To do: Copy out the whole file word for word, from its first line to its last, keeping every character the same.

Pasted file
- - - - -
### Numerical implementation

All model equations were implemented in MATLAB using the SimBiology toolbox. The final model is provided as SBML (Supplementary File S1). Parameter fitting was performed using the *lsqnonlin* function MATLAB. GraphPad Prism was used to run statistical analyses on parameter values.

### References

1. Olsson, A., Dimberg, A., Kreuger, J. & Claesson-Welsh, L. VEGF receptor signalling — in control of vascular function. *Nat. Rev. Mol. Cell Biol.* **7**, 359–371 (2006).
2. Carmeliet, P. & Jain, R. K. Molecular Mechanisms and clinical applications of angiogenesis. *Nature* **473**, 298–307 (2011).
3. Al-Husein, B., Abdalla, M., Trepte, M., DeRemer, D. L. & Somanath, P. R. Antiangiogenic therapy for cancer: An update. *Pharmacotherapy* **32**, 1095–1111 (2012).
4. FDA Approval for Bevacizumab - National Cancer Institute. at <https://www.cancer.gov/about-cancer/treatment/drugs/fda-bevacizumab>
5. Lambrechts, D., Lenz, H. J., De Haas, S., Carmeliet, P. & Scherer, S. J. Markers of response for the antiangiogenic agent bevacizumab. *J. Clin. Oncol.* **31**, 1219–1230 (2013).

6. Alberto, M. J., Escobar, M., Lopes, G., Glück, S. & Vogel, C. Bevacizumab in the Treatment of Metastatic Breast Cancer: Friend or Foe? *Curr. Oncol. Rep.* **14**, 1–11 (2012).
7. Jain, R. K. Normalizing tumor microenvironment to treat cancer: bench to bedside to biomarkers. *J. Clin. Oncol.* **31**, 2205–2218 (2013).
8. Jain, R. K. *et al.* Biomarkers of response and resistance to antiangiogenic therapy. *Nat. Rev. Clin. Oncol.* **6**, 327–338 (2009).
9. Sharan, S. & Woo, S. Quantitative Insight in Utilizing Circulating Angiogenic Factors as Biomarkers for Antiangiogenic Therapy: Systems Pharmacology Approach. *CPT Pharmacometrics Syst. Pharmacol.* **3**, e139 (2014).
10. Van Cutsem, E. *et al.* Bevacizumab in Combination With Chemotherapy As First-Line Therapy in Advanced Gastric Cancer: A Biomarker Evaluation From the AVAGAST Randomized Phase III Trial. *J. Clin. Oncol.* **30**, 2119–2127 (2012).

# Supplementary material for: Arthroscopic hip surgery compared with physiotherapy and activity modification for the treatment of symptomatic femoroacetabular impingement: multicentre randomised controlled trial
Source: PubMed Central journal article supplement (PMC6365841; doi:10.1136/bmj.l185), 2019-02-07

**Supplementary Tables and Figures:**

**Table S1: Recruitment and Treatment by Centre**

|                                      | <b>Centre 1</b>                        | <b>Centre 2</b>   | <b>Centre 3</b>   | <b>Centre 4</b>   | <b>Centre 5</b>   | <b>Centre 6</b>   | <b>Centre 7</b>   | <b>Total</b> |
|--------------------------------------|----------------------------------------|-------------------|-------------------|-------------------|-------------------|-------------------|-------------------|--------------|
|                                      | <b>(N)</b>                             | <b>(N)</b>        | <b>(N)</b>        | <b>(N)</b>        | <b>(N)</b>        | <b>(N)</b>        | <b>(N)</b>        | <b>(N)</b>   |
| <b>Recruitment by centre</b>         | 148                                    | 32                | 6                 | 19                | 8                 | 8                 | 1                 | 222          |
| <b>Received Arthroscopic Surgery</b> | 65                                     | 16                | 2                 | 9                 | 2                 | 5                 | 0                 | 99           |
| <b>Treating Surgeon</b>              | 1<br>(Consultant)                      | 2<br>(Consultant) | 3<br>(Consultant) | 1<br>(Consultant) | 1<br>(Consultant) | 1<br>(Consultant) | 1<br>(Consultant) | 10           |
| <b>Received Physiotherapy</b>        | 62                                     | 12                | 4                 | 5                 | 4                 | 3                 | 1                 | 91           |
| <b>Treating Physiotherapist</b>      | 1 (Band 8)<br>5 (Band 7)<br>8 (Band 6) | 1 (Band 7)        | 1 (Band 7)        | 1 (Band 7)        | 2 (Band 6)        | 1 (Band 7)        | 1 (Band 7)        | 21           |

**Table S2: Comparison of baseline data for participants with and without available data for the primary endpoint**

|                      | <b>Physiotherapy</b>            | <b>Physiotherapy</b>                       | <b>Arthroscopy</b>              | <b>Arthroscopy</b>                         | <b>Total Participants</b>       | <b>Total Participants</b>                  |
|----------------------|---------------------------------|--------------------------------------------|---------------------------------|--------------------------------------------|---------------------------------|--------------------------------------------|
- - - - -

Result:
### Numerical implementation

All model equations were implemented in MATLAB using the SimBiology toolbox. The final model is provided as SBML (Supplementary File S1). Parameter fitting was performed using the *lsqnonlin* function MATLAB. GraphPad Prism was used to run statistical analyses on parameter values.

### References

1. Olsson, A., Dimberg, A., Kreuger, J. & Claesson-Welsh, L. VEGF receptor signalling — in control of vascular function. *Nat. Rev. Mol. Cell Biol.* **7**, 359–371 (2006).
2. Carmeliet, P. & Jain, R. K. Molecular Mechanisms and clinical applications of angiogenesis. *Nature* **473**, 298–307 (2011).
3. Al-Husein, B., Abdalla, M., Trepte, M., DeRemer, D. L. & Somanath, P. R. Antiangiogenic therapy for cancer: An update. *Pharmacotherapy* **32**, 1095–1111 (2012).
4. FDA Approval for Bevacizumab - National Cancer Institute. at <https://www.cancer.gov/about-cancer/treatment/drugs/fda-bevacizumab>
5. Lambrechts, D., Lenz, H. J., De Haas, S., Carmeliet, P. & Scherer, S. J. Markers of response for the antiangiogenic agent bevacizumab. *J. Clin. Oncol.* **31**, 1219–1230 (2013).

6. Alberto, M. J., Escobar, M., Lopes, G., Glück, S. & Vogel, C. Bevacizumab in the Treatment of Metastatic Breast Cancer: Friend or Foe? *Curr. Oncol. Rep.* **14**, 1–11 (2012).
7. Jain, R. K. Normalizing tumor microenvironment to treat cancer: bench to bedside to biomarkers. *J. Clin. Oncol.* **31**, 2205–2218 (2013).
8. Jain, R. K. *et al.* Biomarkers of response and resistance to antiangiogenic therapy. *Nat. Rev. Clin. Oncol.* **6**, 327–338 (2009).
9. Sharan, S. & Woo, S. Quantitative Insight in Utilizing Circulating Angiogenic Factors as Biomarkers for Antiangiogenic Therapy: Systems Pharmacology Approach. *CPT Pharmacometrics Syst. Pharmacol.* **3**, e139 (2014).
10. Van Cutsem, E. *et al.* Bevacizumab in Combination With Chemotherapy As First-Line Therapy in Advanced Gastric Cancer: A Biomarker Evaluation From the AVAGAST Randomized Phase III Trial. *J. Clin. Oncol.* **30**, 2119–2127 (2012).

# Supplementary material for: Arthroscopic hip surgery compared with physiotherapy and activity modification for the treatment of symptomatic femoroacetabular impingement: multicentre randomised controlled trial
Source: PubMed Central journal article supplement (PMC6365841; doi:10.1136/bmj.l185), 2019-02-07

**Supplementary Tables and Figures:**

**Table S1: Recruitment and Treatment by Centre**

|                                      | <b>Centre 1</b>                        | <b>Centre 2</b>   | <b>Centre 3</b>   | <b>Centre 4</b>   | <b>Centre 5</b>   | <b>Centre 6</b>   | <b>Centre 7</b>   | <b>Total</b> |
|--------------------------------------|----------------------------------------|-------------------|-------------------|-------------------|-------------------|-------------------|-------------------|--------------|
|                                      | <b>(N)</b>                             | <b>(N)</b>        | <b>(N)</b>        | <b>(N)</b>        | <b>(N)</b>        | <b>(N)</b>        | <b>(N)</b>        | <b>(N)</b>   |
| <b>Recruitment by centre</b>         | 148                                    | 32                | 6                 | 19                | 8                 | 8                 | 1                 | 222          |
| <b>Received Arthroscopic Surgery</b> | 65                                     | 16                | 2                 | 9                 | 2                 | 5                 | 0                 | 99           |
| <b>Treating Surgeon</b>              | 1<br>(Consultant)                      | 2<br>(Consultant) | 3<br>(Consultant) | 1<br>(Consultant) | 1<br>(Consultant) | 1<br>(Consultant) | 1<br>(Consultant) | 10           |
| <b>Received Physiotherapy</b>        | 62                                     | 12                | 4                 | 5                 | 4                 | 3                 | 1                 | 91           |
| <b>Treating Physiotherapist</b>      | 1 (Band 8)<br>5 (Band 7)<br>8 (Band 6) | 1 (Band 7)        | 1 (Band 7)        | 1 (Band 7)        | 2 (Band 6)        | 1 (Band 7)        | 1 (Band 7)        | 21           |

**Table S2: Comparison of baseline data for participants with and without available data for the primary endpoint**

|                      | <b>Physiotherapy</b>            | <b>Physiotherapy</b>                       | <b>Arthroscopy</b>              | <b>Arthroscopy</b>                         | <b>Total Participants</b>       | <b>Total Participants</b>                  |
|----------------------|---------------------------------|--------------------------------------------|---------------------------------|--------------------------------------------|---------------------------------|--------------------------------------------|